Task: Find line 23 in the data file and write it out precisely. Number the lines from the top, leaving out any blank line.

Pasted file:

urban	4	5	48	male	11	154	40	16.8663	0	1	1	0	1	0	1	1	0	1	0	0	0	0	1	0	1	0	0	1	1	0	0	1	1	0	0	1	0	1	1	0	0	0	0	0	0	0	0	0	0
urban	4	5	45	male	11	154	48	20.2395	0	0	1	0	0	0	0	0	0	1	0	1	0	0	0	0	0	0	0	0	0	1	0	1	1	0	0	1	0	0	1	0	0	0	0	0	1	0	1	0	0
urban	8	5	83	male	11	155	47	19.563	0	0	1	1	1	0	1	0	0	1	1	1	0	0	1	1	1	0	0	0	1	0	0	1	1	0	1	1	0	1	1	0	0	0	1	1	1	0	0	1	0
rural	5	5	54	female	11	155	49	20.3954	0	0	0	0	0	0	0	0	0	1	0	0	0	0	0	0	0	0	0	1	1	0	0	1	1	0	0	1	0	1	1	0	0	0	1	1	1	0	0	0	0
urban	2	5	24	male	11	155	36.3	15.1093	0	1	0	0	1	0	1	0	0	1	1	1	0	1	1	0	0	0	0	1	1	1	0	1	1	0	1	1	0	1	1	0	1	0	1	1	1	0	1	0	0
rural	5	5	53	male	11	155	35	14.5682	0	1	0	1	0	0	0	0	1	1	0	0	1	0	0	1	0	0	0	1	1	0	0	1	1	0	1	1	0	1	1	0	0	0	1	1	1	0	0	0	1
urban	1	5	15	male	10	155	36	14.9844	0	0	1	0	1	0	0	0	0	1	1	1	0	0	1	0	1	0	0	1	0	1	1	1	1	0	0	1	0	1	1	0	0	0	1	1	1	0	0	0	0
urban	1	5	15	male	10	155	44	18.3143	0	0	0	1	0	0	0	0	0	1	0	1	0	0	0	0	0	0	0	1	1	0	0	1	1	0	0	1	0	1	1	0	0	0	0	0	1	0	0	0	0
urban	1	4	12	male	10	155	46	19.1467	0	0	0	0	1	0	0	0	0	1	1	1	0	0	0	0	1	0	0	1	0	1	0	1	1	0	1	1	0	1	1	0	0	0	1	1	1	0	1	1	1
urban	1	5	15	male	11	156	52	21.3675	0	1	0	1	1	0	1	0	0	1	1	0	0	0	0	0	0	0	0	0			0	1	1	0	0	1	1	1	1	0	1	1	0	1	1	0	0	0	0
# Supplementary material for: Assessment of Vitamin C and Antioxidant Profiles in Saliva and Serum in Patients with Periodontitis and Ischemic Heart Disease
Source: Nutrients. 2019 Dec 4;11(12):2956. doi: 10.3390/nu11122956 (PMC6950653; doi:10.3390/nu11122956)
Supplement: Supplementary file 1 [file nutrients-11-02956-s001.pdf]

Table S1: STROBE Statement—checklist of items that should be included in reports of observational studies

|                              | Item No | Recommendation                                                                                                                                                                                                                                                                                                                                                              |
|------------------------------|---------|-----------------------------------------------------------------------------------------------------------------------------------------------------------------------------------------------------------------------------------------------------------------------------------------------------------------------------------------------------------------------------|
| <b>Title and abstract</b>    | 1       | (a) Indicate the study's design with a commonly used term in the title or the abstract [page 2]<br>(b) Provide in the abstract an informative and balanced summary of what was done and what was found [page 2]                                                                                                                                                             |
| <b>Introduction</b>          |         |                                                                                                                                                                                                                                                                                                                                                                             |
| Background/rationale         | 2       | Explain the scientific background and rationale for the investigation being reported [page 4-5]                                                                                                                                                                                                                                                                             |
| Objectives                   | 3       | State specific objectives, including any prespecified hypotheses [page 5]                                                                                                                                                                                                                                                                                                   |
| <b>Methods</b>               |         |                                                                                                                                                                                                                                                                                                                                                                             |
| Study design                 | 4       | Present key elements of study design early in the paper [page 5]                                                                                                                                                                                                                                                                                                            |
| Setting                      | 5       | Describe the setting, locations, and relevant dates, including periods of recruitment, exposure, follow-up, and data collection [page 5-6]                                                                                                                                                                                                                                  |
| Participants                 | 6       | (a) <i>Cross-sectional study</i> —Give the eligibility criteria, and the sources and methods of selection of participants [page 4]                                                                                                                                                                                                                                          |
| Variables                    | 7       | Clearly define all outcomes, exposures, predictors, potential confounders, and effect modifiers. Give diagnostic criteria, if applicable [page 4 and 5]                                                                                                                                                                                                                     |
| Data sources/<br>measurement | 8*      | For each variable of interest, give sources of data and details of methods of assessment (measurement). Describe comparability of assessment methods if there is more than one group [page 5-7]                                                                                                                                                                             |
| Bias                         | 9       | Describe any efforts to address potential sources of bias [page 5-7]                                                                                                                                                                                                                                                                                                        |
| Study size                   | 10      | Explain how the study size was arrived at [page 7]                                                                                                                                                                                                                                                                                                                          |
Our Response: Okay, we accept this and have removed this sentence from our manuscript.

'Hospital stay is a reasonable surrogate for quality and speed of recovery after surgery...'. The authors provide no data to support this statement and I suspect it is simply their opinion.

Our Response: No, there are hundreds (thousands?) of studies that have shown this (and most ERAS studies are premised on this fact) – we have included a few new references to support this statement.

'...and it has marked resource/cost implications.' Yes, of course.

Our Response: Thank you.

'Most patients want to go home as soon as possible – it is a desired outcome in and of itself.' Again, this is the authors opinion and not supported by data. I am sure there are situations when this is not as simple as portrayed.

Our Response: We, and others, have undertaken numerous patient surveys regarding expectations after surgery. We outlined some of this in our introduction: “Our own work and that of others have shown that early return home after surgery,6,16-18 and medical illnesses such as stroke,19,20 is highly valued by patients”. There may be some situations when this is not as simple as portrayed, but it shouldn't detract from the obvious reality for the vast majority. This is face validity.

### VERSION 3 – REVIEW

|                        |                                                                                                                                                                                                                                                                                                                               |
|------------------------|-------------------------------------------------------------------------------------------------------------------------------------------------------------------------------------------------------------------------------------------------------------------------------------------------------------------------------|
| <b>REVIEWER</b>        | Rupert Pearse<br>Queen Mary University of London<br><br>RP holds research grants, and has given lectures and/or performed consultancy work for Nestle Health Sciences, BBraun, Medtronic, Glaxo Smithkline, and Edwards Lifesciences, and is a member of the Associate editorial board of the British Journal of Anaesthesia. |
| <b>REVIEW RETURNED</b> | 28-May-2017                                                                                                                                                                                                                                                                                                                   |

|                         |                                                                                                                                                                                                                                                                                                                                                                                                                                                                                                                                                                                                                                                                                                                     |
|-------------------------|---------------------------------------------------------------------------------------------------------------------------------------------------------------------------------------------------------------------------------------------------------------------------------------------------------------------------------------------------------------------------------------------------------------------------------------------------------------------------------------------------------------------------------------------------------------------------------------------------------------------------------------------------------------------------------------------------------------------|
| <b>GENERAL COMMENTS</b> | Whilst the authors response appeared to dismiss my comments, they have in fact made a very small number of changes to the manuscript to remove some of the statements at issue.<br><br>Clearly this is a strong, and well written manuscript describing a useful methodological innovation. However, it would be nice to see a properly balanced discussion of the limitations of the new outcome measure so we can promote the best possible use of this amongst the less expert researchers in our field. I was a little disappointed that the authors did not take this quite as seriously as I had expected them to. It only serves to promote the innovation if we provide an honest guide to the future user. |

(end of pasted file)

| Setting                      | 5       | Describe the setting, locations, and relevant dates, including periods of recruitment, exposure, follow-up, and data collection [page 5-6]                                                                                                                                                                                                                                  |